Web application developer is here for the long haul

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Web application developer is here for the long haul
By Leslie Goff

Is Web applications development still hot or not? Rest assured, despite the dead-pool of dot.coms, business, entertainment and education over the Web is here to stay. While layoffs and closures abound, talented Web developers remain highly employable.

Job title:
Web applications developer.

Variations:
E-commerce applications developer; software engineer.

Responsibilities:
To build, customize and maintain Web-based applications for Web sites, intranets and extranets, including transaction-oriented applications, customer relationship management systems, content management systems, knowledge management systems and more.

In environments with a multi-tier applications architecture, development responsibilities may be split among the various tiers. At Send.com, a high-end online gift-giving service, developers specialize in either the back-end, functional layer of an application, built with Microsoft's COM objects, or the front-end visual layer, built using MS Active Server Pages (ASP), explains Ken Surdan, vice president of technology.

Skills required:
Key skills for development in Windows 2000 or Windows NT environments include Visual Basic, ASP, COM objects, FrontPage, Visual InterDev, MS Site Server and familiarity with SQL Server or other relational databases. Complementary skills include HTML, Java, JavaScript, C and C++.

As for soft skills, self-motivation and a predisposition for teamwork are essential, Surdan says: "When someone is self-motivated, gets their stuff done, and then looks around and asks who else needs help, that's when you have a really high-performance team."

Certification requirements:
Certification is a plus but not required. If you're coming to Web development from another discipline, certification can boost your credibility by showing that you're not just hopping on the gravy train.

For example, after working for nine years as a graphics specialist in the IT organization at Harrah's Entertainment Inc. in Memphis, Debbie Lynch decided to leverage her design skills to join the company's Internet/intranet development team. In addition to taking HTML, MS FrontPage and JavaScript classes, she's also completing the Certified Internet Webmaster (CIW) certification program developed by ProsoftTraining.com Inc. "It helps others see me as not just `Debbie the graphics person,' but as someone who's helping lead our Internet development," Lynch says. "And it builds my own self confidence."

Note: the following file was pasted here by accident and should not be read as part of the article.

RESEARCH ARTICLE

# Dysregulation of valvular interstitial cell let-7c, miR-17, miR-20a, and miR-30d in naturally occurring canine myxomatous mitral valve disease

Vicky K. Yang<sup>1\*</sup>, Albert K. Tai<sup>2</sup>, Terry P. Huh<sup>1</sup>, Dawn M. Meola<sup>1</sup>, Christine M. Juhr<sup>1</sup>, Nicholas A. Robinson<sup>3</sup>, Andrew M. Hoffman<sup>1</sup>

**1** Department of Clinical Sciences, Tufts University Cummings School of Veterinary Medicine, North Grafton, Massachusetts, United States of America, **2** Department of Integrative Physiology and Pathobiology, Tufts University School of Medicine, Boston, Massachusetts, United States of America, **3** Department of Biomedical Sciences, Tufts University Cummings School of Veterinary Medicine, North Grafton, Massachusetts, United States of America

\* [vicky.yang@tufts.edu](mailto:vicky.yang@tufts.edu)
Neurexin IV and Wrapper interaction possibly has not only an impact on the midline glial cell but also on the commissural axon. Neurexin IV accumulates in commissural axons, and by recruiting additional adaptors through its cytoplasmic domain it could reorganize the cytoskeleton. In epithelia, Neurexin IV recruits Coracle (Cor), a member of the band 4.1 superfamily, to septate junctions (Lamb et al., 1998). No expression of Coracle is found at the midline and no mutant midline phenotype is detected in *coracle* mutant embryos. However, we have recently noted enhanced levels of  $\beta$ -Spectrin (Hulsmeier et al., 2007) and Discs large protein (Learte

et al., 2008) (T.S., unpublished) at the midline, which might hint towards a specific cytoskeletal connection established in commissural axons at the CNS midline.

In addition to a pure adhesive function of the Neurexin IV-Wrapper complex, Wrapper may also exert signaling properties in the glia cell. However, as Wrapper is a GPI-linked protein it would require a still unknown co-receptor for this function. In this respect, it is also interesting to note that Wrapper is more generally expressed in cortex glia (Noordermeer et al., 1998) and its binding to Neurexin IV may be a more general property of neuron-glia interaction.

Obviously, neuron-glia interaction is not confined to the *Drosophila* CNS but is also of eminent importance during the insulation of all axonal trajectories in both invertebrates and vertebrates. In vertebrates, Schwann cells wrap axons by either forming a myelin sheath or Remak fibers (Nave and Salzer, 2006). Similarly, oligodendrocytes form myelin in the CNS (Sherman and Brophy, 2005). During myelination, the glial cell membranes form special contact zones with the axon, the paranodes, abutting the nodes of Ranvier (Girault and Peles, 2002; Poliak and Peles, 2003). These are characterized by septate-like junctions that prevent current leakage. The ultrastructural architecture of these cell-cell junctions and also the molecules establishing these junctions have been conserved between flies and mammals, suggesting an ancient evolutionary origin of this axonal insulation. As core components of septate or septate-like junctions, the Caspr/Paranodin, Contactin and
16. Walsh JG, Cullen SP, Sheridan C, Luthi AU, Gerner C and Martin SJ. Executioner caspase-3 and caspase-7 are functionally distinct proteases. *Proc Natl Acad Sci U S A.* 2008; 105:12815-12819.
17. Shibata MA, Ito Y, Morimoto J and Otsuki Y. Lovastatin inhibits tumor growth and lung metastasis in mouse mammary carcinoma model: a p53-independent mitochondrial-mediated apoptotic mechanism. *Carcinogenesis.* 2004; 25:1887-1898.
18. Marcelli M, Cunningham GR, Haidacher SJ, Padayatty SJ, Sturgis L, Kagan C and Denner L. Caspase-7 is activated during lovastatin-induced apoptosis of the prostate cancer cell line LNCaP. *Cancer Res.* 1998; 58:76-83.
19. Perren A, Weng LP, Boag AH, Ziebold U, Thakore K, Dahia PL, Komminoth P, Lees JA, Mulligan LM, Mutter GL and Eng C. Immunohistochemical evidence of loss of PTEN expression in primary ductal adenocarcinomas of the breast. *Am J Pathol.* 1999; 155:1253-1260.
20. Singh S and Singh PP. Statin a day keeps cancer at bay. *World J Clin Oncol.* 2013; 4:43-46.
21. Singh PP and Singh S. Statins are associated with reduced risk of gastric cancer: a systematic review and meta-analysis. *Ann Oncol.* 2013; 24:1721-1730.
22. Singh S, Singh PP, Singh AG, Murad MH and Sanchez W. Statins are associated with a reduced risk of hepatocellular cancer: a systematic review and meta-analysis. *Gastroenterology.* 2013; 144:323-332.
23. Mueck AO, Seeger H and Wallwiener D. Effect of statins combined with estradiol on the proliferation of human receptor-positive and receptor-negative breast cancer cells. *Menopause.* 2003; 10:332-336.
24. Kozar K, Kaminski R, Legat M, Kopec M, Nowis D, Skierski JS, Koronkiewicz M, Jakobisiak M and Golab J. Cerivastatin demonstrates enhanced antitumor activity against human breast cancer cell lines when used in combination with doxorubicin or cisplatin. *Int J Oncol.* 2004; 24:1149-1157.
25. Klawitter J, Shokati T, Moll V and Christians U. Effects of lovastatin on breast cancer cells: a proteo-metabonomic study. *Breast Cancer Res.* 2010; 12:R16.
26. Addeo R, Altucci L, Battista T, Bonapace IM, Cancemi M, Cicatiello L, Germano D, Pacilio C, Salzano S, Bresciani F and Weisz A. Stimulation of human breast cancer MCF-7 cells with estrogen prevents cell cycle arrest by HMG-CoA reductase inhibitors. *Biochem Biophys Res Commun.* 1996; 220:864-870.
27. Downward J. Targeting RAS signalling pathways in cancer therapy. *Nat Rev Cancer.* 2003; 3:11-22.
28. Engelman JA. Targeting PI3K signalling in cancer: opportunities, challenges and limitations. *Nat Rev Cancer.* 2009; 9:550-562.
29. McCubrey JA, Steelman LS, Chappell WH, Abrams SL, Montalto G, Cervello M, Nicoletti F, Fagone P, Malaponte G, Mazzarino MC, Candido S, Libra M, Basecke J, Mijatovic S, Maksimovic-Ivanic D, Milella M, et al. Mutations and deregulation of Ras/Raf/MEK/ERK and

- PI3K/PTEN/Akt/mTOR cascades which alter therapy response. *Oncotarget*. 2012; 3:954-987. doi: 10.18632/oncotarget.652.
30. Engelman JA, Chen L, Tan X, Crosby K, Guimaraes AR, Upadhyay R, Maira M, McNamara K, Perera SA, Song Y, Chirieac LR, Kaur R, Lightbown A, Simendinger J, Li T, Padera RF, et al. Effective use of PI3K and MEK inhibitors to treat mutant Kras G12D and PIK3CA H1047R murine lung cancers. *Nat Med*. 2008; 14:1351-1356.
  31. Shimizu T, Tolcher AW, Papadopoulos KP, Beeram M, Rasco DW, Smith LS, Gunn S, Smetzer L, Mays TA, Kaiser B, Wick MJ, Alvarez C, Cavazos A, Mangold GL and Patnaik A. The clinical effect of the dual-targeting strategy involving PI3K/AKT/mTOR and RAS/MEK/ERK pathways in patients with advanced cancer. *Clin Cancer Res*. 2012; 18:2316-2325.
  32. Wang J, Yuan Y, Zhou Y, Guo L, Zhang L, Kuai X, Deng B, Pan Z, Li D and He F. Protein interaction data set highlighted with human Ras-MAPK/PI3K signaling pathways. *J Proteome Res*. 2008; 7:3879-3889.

Typical day on the job:
The surest thing that can be said of a day on the job as a Web applications developer is that it will be long. It's not uncommon for Web developers to put in 10 or 12 hours plus, especially when preparing for a new site release. In October, when Send.com was working furiously to relaunch in time for the holiday shopping season, developers were in the office until 10 p.m. and later; the company paid for motel rooms across the street from its Waltham, Mass., offices for developers who had long commutes.

In addition to the actual coding, expect to spend time in team meetings, conferring with database specialists, preparing for quality assurance testing, and working with business units such as merchandising, customer service, human resources, public relations and others.

Career path options:
Solid experience as a Web applications developer positions you for project manager, E-commerce architect or Internet/intranet development manager positions. In the long-term, as companies move to become totally Web-enabled organizations, Web applications developers could continue the management track up to the IT executive office, including CIO and CTO.

Demand:
Even with the dot.com demise, demand for Web developers is as strong as ever. "It's definitely a job seeker's market," says Allen Ackerman, CEO of Indigo Technology Group Inc., a new media industry recruiting firm in New York. "There may be fewer companies and fewer jobs, but there are still more jobs than people available to fill them." The outlook is especially good for developers in the Microsoft environment, he adds: "Windows 2000 is getting high accolades, and companies are really starting to use it as an industrial-strength server operating system."

Salary range:
Programmer/developers in the NT 2000 environment earn an average of $63,414, according to SearchWin2000's ongoing salary survey. Web applications developers can expect a premium: The mean salary for Web developers who have two to three years' experience is $74,055, according to Dice.com's ongoing salary survey.

Best types of companies to work for:
E-commerce companies are still your best bet for leading-edge work if you're willing to take a risk; in a pure-play dot.com venture, Web development will be a strategic priority. But with so many pure-play dot-coms here today, gone tomorrow, you should also consider clicks-and-bricks. Consulting firms are also a top choice.

Leslie Goff is a contributing editor based in New York.


This was first published in November 2000

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